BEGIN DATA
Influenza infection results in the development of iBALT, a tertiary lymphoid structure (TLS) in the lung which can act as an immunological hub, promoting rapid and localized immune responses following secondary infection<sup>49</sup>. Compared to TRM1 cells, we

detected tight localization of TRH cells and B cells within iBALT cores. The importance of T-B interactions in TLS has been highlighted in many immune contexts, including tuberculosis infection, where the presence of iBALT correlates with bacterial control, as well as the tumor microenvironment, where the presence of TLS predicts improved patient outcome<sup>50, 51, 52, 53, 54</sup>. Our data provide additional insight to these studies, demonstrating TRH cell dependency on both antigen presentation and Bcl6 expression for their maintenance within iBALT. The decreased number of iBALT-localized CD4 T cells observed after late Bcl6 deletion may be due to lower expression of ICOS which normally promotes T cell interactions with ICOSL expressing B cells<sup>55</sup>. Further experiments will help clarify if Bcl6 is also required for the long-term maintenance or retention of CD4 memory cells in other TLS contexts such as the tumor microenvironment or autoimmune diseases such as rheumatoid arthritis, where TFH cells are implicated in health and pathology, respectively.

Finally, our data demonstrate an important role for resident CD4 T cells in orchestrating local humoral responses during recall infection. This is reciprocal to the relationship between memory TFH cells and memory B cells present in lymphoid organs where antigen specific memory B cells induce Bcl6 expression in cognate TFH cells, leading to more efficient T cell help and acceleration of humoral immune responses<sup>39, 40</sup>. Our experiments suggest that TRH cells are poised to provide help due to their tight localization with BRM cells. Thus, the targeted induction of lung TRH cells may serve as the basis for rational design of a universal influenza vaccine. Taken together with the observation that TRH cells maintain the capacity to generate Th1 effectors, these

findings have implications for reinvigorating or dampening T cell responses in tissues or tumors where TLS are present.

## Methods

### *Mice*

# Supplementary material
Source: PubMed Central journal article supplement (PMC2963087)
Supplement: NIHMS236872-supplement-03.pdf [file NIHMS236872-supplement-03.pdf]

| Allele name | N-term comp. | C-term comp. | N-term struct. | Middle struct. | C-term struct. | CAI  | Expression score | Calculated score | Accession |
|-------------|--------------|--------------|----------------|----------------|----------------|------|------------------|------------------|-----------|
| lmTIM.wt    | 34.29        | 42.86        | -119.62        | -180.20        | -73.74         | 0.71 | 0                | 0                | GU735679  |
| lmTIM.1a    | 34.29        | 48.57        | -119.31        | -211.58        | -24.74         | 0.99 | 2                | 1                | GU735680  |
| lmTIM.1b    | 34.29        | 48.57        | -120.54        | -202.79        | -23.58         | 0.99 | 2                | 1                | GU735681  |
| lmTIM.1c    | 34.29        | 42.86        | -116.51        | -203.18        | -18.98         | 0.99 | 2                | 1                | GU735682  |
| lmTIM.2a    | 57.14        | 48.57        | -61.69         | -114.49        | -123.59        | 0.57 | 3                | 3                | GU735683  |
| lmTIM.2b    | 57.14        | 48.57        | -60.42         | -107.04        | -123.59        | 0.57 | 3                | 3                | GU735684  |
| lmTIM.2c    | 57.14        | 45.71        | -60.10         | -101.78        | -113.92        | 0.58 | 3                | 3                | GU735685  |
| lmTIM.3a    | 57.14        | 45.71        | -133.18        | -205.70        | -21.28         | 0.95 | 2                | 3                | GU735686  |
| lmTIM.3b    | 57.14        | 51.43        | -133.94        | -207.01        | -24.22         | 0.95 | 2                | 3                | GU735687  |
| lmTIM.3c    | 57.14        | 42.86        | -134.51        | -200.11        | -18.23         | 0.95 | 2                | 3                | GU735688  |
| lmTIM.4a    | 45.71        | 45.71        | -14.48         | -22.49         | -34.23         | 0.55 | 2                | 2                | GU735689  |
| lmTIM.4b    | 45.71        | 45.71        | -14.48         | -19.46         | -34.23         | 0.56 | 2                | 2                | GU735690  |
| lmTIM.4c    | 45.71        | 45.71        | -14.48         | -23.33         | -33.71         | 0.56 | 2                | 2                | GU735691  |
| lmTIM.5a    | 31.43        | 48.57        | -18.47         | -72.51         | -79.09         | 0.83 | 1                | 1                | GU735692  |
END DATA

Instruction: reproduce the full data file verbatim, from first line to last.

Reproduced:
Influenza infection results in the development of iBALT, a tertiary lymphoid structure (TLS) in the lung which can act as an immunological hub, promoting rapid and localized immune responses following secondary infection<sup>49</sup>. Compared to TRM1 cells, we

detected tight localization of TRH cells and B cells within iBALT cores. The importance of T-B interactions in TLS has been highlighted in many immune contexts, including tuberculosis infection, where the presence of iBALT correlates with bacterial control, as well as the tumor microenvironment, where the presence of TLS predicts improved patient outcome<sup>50, 51, 52, 53, 54</sup>. Our data provide additional insight to these studies, demonstrating TRH cell dependency on both antigen presentation and Bcl6 expression for their maintenance within iBALT. The decreased number of iBALT-localized CD4 T cells observed after late Bcl6 deletion may be due to lower expression of ICOS which normally promotes T cell interactions with ICOSL expressing B cells<sup>55</sup>. Further experiments will help clarify if Bcl6 is also required for the long-term maintenance or retention of CD4 memory cells in other TLS contexts such as the tumor microenvironment or autoimmune diseases such as rheumatoid arthritis, where TFH cells are implicated in health and pathology, respectively.

Finally, our data demonstrate an important role for resident CD4 T cells in orchestrating local humoral responses during recall infection. This is reciprocal to the relationship between memory TFH cells and memory B cells present in lymphoid organs where antigen specific memory B cells induce Bcl6 expression in cognate TFH cells, leading to more efficient T cell help and acceleration of humoral immune responses<sup>39, 40</sup>. Our experiments suggest that TRH cells are poised to provide help due to their tight localization with BRM cells. Thus, the targeted induction of lung TRH cells may serve as the basis for rational design of a universal influenza vaccine. Taken together with the observation that TRH cells maintain the capacity to generate Th1 effectors, these

findings have implications for reinvigorating or dampening T cell responses in tissues or tumors where TLS are present.

## Methods

### *Mice*

# Supplementary material
Source: PubMed Central journal article supplement (PMC2963087)
Supplement: NIHMS236872-supplement-03.pdf [file NIHMS236872-supplement-03.pdf]

| Allele name | N-term comp. | C-term comp. | N-term struct. | Middle struct. | C-term struct. | CAI  | Expression score | Calculated score | Accession |
|-------------|--------------|--------------|----------------|----------------|----------------|------|------------------|------------------|-----------|
| lmTIM.wt    | 34.29        | 42.86        | -119.62        | -180.20        | -73.74         | 0.71 | 0                | 0                | GU735679  |
| lmTIM.1a    | 34.29        | 48.57        | -119.31        | -211.58        | -24.74         | 0.99 | 2                | 1                | GU735680  |
| lmTIM.1b    | 34.29        | 48.57        | -120.54        | -202.79        | -23.58         | 0.99 | 2                | 1                | GU735681  |
| lmTIM.1c    | 34.29        | 42.86        | -116.51        | -203.18        | -18.98         | 0.99 | 2                | 1                | GU735682  |
| lmTIM.2a    | 57.14        | 48.57        | -61.69         | -114.49        | -123.59        | 0.57 | 3                | 3                | GU735683  |
| lmTIM.2b    | 57.14        | 48.57        | -60.42         | -107.04        | -123.59        | 0.57 | 3                | 3                | GU735684  |
| lmTIM.2c    | 57.14        | 45.71        | -60.10         | -101.78        | -113.92        | 0.58 | 3                | 3                | GU735685  |
| lmTIM.3a    | 57.14        | 45.71        | -133.18        | -205.70        | -21.28         | 0.95 | 2                | 3                | GU735686  |
| lmTIM.3b    | 57.14        | 51.43        | -133.94        | -207.01        | -24.22         | 0.95 | 2                | 3                | GU735687  |
| lmTIM.3c    | 57.14        | 42.86        | -134.51        | -200.11        | -18.23         | 0.95 | 2                | 3                | GU735688  |
| lmTIM.4a    | 45.71        | 45.71        | -14.48         | -22.49         | -34.23         | 0.55 | 2                | 2                | GU735689  |
| lmTIM.4b    | 45.71        | 45.71        | -14.48         | -19.46         | -34.23         | 0.56 | 2                | 2                | GU735690  |
| lmTIM.4c    | 45.71        | 45.71        | -14.48         | -23.33         | -33.71         | 0.56 | 2                | 2                | GU735691  |
| lmTIM.5a    | 31.43        | 48.57        | -18.47         | -72.51         | -79.09         | 0.83 | 1                | 1                | GU735692  |